# Executive Summary

The following is an analysis of “Equations for the Age Structure of Growing Populations,” by George H. Weiss. This paper models the age structure of a growing cell population taking into account physiological age as well as chronological age that is more commonly studied in literature. The author develops a model for differential equations that can be used to find the population density of a given cell colony. Then, approximations of the fundamental equation are suggested.

# Context

Cell colonies are often studied in order to answer a variety of biological questions ranging from human health to species survivability. However, it is often difficult to obtain all of the information necessary to characterize these colonies and all of the cells in them. Given data about individual cells within a colony, it is possible to determine characteristics of the entire population. Conversely, given precise measurements of the population overall, it is possible to determine characteristics of the individual cells. With the current advances in technology, it is possible to obtain incredibly precise data on cell concentrations through time, as well as other information that would help characterize cells within the colony. ^{[1]}

Within a cell colony there is a significant amount of variability. This stems from different states that the cells are in, as well as the different ages of the cells. The age of a cell is the time from the instant that a cell acquires all of the characteristics of its given state. Some biochemical reactions, such as those relating to DNA replication and enzyme synthesis, relate directly to the cell cycle, and thus are affected by the age of the cell. Other reactions, such as those that create ATP and structural materials, depend more on the state of the cell than the age. ^{[1]}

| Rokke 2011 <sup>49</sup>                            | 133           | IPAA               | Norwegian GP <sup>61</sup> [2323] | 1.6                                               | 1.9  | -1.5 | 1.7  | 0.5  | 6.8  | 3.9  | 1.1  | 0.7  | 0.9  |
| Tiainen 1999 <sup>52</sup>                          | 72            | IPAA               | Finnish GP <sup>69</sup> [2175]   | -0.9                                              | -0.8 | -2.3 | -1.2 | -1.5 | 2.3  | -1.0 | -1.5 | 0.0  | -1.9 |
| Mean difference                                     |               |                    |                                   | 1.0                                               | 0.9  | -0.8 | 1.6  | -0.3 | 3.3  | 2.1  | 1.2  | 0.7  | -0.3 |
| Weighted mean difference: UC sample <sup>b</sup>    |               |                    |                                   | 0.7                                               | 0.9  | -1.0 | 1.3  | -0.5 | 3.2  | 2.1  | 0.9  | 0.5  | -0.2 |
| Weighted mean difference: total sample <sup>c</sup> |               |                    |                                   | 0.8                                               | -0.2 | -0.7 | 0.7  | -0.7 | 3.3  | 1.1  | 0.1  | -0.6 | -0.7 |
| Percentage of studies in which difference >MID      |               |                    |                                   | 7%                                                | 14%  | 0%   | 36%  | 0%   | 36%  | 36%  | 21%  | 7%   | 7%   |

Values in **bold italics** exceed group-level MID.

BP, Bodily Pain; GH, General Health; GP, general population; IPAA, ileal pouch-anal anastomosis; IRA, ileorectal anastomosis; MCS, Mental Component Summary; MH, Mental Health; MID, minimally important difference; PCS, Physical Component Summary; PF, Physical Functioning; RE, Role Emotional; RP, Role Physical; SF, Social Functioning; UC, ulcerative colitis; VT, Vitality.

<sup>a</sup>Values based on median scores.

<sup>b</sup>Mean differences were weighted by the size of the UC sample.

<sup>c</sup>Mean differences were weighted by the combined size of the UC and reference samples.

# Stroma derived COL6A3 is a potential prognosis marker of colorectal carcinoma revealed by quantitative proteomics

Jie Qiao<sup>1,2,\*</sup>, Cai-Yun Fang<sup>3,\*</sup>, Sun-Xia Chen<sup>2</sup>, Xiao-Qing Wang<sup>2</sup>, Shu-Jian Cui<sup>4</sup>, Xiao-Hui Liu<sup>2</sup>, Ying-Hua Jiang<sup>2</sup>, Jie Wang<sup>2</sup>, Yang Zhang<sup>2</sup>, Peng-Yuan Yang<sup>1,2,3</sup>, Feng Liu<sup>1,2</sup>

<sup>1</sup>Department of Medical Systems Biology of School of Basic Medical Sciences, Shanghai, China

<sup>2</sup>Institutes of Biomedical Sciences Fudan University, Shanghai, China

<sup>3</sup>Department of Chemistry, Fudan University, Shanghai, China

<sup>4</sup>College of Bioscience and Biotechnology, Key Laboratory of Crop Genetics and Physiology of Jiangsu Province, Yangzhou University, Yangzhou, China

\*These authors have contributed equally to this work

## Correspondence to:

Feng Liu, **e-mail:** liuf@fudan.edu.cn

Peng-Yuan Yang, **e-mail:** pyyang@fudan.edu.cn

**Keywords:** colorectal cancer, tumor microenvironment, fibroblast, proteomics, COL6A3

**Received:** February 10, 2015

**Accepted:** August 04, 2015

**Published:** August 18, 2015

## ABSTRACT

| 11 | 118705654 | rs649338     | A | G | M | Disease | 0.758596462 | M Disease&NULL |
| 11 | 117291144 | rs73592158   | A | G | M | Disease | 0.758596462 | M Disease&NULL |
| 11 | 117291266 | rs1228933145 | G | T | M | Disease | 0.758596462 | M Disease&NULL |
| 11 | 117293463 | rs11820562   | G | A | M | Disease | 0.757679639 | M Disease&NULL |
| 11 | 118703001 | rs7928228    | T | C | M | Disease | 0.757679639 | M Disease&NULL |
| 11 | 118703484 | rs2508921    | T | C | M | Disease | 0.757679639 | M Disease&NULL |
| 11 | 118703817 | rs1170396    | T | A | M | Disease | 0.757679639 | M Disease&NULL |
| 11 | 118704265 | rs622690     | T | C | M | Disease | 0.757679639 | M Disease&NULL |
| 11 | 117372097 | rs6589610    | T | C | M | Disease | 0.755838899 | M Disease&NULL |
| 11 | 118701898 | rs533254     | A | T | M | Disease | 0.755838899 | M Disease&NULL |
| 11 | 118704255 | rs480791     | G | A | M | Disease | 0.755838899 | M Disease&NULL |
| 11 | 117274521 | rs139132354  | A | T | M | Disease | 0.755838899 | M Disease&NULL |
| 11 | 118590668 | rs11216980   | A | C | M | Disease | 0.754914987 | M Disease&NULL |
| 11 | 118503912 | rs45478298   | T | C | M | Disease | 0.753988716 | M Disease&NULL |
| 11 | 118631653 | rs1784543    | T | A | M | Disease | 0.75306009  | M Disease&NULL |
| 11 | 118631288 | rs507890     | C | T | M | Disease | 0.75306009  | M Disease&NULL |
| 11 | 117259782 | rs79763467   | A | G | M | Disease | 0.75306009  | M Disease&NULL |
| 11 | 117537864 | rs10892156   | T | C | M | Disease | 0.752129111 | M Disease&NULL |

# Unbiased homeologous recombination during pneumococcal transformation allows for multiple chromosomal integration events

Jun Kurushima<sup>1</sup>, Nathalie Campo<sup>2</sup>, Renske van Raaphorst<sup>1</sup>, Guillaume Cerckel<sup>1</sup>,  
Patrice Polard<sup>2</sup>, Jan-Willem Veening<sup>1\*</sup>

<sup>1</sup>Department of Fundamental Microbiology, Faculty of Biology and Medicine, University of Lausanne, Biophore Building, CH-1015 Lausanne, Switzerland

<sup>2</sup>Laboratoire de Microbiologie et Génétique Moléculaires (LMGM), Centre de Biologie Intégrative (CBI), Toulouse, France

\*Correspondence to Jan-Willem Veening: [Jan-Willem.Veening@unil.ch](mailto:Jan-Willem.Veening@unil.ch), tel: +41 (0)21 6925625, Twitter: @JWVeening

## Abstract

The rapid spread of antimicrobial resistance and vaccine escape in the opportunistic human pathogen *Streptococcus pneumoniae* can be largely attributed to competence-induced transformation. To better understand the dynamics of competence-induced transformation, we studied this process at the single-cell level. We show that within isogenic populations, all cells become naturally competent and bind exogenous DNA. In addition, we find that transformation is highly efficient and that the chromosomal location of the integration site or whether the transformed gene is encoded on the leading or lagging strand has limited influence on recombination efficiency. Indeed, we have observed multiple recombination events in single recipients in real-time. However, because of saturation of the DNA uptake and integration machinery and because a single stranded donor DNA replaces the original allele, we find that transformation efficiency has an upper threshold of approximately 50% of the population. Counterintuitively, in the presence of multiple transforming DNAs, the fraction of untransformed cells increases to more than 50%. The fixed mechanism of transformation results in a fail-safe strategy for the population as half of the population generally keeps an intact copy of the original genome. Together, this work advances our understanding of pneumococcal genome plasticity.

It can be assumed that cells of a similar age share similar intrinsic properties, such as size, relative to cells of different ages.^{[2]} However, the state of the cell also has a great effect on cell properties. Thus the true age of a cell can be split into two components the chronological age and the physiological age of the cell. The physiological age describes the state of the cell, and there are a variety of factors that are used in empirical studies to account for changes in that aspect of the cell characterization. In the context of cells, volume, mass, and number of chromosome faults have been used as such indicators. ^{[3]}

Cells can change states, just as they mature in age. Cells can enter a stage through either change from a different group, immigration or birth. On the other hand, cells leave stages by emigration, growth to a different state, or death. All of these factors play a role in the accretion and loss at each stage.

# History ^{[2]}

The rate of change of a size of a group of cells is equal to the amount of cells entering the group minus the number of cells leaving the group. If there are m stages, for , then the relationship between the total accretion to each stage , and the total loss from each stage , should satisfy

There is a multitude of models that are based off of the von Foerster model that accounts for the distribution of an age-structured population over time. Then

describes the number of cells at time t that have an age between a and .
Then at a time dt after t, the population can be modeled as:

where corresponds to the rate at which organisms die at time t, at the given conditions. This gets von Foerster’s equation:

And integrating gets:

where is the generalized birth rate, or the number of cells that are age 0 added to the population per unit time.

**Figure 1:**Population with respect to time and age

Figure 1 depicts a sample population with respect to time and age distribution, given a certain initial population distribution and birth rate.

# Mathematical Model ^{[2]}